• ^ a b c “Tofacitinib Citrate”. The American Society of Health-System Pharmacists. Retrieved 1 June 2018..mw-parser-output cite.citation{font-style:inherit}.mw-parser-output .citation q{quotes:”””””””‘””‘”}.mw-parser-output .id-lock-free a,.mw-parser-output .citation .cs1-lock-free a{background-image:url(“//upload.wikimedia.org/wikipedia/commons/thumb/6/65/Lock-green.svg/9px-Lock-green.svg.png”);background-image:linear-gradient(transparent,transparent),url(“//upload.wikimedia.org/wikipedia/commons/6/65/Lock-green.svg”);background-repeat:no-repeat;background-size:9px;background-position:right .1em center}.mw-parser-output .id-lock-limited a,.mw-parser-output .id-lock-registration a,.mw-parser-output .citation .cs1-lock-limited a,.mw-parser-output .citation .cs1-lock-registration a{background-image:url(“//upload.wikimedia.org/wikipedia/commons/thumb/d/d6/Lock-gray-alt-2.svg/9px-Lock-gray-alt-2.svg.png”);background-image:linear-gradient(transparent,transparent),url(“//upload.wikimedia.org/wikipedia/commons/d/d6/Lock-gray-alt-2.svg”);background-repeat:no-repeat;background-size:9px;background-position:right .1em center}.mw-parser-output .id-lock-subscription a,.mw-parser-output .citation .cs1-lock-subscription a{background-image:url(“//upload.wikimedia.org/wikipedia/commons/thumb/a/aa/Lock-red-alt-2.svg/9px-Lock-red-alt-2.svg.png”);background-image:linear-gradient(transparent,transparent),url(“//upload.wikimedia.org/wikipedia/commons/a/aa/Lock-red-alt-2.svg”);background-repeat:no-repeat;background-size:9px;background-position:right .1em center}.mw-parser-output .cs1-subscription,.mw-parser-output .cs1-registration{color:#555}.mw-parser-output .cs1-subscription span,.mw-parser-output .cs1-registration span{border-bottom:1px dotted;cursor:help}.mw-parser-output .cs1-ws-icon a{background-image:url(“//upload.wikimedia.org/wikipedia/commons/thumb/4/4c/Wikisource-logo.svg/12px-Wikisource-logo.svg.png”);background-image:linear-gradient(transparent,transparent),url(“//upload.wikimedia.org/wikipedia/commons/4/4c/Wikisource-logo.svg”);background-repeat:no-repeat;background-size:12px;background-position:right .1em center}.mw-parser-output code.cs1-code{color:inherit;background:inherit;border:inherit;padding:inherit}.mw-parser-output .cs1-hidden-error{display:none;font-size:100%}.mw-parser-output .cs1-visible-error{font-size:100%}.mw-parser-output .cs1-maint{display:none;color:#33aa33;margin-left:0.3em}.mw-parser-output .cs1-subscription,.mw-parser-output .cs1-registration,.mw-parser-output .cs1-format{font-size:95%}.mw-parser-output .cs1-kern-left,.mw-parser-output .cs1-kern-wl-left{padding-left:0.2em}.mw-parser-output .cs1-kern-right,.mw-parser-output .cs1-kern-wl-right{padding-right:0.2em}.mw-parser-output .citation .mw-selflink{font-weight:inherit}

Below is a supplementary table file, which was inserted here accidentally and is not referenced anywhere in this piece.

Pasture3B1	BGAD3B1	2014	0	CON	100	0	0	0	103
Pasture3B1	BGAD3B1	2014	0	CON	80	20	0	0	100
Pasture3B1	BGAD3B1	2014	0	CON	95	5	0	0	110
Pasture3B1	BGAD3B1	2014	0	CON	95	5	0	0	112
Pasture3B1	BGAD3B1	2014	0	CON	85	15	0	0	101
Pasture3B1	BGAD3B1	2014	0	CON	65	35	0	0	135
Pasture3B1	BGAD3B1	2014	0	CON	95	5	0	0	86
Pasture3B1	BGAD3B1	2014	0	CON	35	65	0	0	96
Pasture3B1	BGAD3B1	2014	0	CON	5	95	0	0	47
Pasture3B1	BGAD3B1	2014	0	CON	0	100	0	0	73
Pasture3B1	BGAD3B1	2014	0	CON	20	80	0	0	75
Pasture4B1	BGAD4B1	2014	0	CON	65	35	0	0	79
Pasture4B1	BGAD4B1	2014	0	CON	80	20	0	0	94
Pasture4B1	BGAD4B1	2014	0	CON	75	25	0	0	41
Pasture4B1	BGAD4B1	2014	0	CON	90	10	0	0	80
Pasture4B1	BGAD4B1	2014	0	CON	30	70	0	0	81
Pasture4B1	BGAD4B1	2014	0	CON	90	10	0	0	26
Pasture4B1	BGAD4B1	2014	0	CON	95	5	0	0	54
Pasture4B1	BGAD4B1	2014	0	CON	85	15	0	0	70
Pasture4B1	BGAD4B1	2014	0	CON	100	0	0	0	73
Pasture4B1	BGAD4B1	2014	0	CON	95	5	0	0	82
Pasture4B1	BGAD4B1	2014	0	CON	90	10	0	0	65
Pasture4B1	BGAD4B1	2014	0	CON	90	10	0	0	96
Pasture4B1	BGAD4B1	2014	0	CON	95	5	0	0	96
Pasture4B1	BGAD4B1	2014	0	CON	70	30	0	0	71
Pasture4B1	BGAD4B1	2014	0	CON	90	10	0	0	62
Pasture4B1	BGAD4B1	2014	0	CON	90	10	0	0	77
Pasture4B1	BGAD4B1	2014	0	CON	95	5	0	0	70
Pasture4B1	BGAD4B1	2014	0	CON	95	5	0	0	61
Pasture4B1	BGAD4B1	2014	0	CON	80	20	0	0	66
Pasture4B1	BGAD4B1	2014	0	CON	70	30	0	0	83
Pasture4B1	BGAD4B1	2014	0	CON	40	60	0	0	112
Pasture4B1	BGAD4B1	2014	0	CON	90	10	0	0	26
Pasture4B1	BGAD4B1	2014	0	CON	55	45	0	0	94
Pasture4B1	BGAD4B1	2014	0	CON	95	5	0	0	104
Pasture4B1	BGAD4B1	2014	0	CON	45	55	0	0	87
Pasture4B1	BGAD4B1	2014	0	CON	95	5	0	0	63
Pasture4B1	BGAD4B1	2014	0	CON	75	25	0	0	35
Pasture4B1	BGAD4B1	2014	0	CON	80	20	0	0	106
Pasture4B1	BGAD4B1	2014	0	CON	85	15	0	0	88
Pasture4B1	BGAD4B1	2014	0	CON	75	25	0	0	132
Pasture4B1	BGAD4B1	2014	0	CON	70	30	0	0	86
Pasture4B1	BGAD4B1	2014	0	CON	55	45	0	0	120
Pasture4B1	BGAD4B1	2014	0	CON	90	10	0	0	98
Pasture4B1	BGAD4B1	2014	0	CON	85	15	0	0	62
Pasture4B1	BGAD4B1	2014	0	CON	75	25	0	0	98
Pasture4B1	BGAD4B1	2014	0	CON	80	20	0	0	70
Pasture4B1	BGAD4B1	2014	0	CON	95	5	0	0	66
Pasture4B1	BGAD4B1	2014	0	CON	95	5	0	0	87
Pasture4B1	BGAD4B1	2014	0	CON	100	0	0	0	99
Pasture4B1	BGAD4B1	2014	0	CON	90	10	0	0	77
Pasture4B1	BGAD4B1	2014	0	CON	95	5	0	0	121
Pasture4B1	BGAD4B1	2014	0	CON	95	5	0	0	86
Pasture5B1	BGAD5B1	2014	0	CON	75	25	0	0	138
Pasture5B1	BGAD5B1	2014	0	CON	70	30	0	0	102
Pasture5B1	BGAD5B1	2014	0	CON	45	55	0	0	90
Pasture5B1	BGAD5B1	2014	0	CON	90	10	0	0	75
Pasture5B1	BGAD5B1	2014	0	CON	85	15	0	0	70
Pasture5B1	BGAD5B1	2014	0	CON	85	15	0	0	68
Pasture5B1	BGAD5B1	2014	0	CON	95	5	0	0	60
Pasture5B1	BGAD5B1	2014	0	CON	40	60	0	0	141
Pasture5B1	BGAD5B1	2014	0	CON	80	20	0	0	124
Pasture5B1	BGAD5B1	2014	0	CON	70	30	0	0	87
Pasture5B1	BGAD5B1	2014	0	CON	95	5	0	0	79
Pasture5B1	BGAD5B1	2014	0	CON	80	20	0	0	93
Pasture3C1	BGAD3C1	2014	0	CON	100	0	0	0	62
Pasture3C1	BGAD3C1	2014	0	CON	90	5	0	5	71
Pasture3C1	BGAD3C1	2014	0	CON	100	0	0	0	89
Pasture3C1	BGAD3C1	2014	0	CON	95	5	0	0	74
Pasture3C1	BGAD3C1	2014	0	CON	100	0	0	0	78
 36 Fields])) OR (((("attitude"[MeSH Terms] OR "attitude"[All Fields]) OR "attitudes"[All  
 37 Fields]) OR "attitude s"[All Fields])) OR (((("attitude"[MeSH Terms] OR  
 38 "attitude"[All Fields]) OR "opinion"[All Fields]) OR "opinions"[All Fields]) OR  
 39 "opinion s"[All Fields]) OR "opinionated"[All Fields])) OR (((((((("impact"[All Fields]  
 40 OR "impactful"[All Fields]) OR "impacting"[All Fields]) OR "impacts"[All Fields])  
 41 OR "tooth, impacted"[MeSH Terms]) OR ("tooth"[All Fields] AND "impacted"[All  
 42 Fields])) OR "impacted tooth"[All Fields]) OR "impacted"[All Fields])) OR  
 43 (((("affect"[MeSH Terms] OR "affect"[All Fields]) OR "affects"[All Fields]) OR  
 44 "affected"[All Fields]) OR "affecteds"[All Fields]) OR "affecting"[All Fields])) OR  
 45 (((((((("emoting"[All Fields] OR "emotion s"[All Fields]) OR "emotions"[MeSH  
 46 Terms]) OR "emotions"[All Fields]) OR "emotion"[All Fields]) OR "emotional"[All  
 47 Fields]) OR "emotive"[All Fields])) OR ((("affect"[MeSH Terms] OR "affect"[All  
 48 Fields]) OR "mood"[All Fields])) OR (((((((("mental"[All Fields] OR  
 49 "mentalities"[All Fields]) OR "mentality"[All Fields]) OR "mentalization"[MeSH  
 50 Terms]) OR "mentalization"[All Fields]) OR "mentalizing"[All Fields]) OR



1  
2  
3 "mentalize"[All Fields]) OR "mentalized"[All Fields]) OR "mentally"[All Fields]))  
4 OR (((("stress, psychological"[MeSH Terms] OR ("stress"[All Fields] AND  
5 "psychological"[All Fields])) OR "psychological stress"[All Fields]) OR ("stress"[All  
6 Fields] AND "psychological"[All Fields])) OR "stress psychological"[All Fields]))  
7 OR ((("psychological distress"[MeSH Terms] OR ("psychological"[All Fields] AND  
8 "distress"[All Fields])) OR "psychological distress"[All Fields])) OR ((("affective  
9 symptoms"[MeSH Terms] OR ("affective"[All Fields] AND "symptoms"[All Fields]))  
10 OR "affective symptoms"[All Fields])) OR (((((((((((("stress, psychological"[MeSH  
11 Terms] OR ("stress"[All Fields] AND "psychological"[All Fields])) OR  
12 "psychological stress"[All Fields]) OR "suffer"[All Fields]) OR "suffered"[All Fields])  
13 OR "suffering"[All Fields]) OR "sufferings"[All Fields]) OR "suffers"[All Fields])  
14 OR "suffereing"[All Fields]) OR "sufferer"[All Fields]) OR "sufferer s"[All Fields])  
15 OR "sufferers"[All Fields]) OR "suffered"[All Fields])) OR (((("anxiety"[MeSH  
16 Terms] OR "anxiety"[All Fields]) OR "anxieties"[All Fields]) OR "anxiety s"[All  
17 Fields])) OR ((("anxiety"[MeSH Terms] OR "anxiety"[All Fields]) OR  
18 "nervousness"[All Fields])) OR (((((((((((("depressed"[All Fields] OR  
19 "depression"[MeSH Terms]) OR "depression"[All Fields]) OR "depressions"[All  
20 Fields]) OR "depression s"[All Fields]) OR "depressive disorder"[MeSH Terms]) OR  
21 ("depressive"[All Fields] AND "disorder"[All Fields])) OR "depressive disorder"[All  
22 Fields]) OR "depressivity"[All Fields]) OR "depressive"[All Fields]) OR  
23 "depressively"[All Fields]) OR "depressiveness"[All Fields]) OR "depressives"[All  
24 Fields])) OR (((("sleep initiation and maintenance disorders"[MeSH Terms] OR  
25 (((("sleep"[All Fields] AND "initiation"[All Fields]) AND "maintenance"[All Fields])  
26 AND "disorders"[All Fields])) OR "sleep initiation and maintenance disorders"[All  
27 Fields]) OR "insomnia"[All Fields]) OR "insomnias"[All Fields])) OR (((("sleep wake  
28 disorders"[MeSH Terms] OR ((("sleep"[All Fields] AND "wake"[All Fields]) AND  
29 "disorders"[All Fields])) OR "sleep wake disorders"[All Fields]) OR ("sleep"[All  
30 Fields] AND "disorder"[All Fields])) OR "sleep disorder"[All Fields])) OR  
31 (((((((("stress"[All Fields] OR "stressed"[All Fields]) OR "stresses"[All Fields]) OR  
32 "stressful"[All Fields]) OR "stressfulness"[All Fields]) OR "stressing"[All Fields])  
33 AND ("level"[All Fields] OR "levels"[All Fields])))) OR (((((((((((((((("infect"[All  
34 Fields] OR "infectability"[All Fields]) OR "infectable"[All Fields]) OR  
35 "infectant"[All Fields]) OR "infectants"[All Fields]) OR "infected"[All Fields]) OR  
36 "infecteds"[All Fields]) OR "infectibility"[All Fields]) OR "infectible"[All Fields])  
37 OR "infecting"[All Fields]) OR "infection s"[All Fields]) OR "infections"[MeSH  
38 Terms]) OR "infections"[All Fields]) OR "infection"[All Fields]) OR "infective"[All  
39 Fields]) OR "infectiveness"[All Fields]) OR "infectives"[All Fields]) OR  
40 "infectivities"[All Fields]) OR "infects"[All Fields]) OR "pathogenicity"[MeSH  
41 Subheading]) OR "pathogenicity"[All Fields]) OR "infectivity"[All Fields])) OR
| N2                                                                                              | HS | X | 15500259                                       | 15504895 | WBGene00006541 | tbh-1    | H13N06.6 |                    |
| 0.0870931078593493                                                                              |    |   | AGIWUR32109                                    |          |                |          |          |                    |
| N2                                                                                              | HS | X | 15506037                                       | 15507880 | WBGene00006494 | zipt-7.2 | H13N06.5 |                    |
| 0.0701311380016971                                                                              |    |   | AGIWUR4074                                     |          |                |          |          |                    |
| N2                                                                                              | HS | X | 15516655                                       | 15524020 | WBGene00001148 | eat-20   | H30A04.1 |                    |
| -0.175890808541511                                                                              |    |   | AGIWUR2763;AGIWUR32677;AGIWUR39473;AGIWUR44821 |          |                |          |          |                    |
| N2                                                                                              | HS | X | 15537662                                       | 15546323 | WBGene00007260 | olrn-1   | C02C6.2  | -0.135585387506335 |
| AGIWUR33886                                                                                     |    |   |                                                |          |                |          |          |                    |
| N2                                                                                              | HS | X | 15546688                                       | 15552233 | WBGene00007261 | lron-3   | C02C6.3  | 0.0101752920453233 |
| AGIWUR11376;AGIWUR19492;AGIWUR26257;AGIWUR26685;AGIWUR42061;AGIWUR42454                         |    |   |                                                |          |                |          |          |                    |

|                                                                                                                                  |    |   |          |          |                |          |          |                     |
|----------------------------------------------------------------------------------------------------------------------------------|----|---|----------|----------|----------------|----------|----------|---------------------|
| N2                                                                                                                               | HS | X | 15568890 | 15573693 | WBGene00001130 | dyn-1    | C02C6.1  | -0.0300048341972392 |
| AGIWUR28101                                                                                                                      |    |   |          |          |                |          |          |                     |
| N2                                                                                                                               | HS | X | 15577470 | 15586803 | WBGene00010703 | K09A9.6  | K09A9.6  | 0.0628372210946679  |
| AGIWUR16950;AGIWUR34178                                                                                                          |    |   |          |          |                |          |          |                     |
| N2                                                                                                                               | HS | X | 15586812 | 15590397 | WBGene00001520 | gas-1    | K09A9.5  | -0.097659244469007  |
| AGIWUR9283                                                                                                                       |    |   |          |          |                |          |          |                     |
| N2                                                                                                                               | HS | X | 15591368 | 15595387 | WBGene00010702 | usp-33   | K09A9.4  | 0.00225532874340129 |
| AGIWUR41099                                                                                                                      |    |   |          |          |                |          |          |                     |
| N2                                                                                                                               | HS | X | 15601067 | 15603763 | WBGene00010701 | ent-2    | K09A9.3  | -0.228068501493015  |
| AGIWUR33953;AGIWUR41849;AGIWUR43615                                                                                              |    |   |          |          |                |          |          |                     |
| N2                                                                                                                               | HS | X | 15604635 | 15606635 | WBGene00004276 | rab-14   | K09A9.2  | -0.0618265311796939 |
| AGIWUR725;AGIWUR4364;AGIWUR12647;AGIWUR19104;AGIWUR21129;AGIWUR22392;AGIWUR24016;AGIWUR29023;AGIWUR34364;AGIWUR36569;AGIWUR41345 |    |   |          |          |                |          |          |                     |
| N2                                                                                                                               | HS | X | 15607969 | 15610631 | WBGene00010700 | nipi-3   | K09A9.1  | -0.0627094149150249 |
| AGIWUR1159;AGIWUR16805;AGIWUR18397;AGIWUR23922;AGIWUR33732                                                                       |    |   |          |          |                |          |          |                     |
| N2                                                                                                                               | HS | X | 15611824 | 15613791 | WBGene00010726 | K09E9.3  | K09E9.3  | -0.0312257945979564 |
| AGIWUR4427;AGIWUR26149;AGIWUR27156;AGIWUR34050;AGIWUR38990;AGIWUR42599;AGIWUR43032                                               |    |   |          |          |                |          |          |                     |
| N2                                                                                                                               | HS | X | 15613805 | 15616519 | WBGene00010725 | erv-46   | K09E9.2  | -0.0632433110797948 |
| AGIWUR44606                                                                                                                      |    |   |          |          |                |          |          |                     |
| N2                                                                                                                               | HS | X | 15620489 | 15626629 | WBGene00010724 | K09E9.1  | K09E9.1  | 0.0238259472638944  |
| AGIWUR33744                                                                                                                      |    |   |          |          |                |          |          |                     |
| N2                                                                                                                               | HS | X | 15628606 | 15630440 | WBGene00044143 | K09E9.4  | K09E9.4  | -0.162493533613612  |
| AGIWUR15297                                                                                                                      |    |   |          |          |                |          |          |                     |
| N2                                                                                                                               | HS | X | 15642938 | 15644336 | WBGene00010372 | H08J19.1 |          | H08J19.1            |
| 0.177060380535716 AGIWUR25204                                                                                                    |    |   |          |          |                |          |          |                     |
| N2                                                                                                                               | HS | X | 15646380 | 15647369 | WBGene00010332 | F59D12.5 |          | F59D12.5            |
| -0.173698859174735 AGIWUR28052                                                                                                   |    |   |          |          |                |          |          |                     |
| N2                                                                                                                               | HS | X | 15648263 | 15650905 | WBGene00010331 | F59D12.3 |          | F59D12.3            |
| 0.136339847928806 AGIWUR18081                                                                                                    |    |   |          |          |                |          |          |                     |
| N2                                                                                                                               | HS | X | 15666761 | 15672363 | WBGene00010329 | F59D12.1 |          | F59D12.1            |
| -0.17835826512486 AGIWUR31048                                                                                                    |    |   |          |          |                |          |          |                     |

• ^ a b “FDA approves new treatment for moderately to severely active ulcerative colitis”. U.S. Food and Drug Administration (FDA) (Press release). 30 May 2018. Archived from the original on 15 December 2019. Retrieved 1 June 2018. This article incorporates text from this source, which is in the public domain.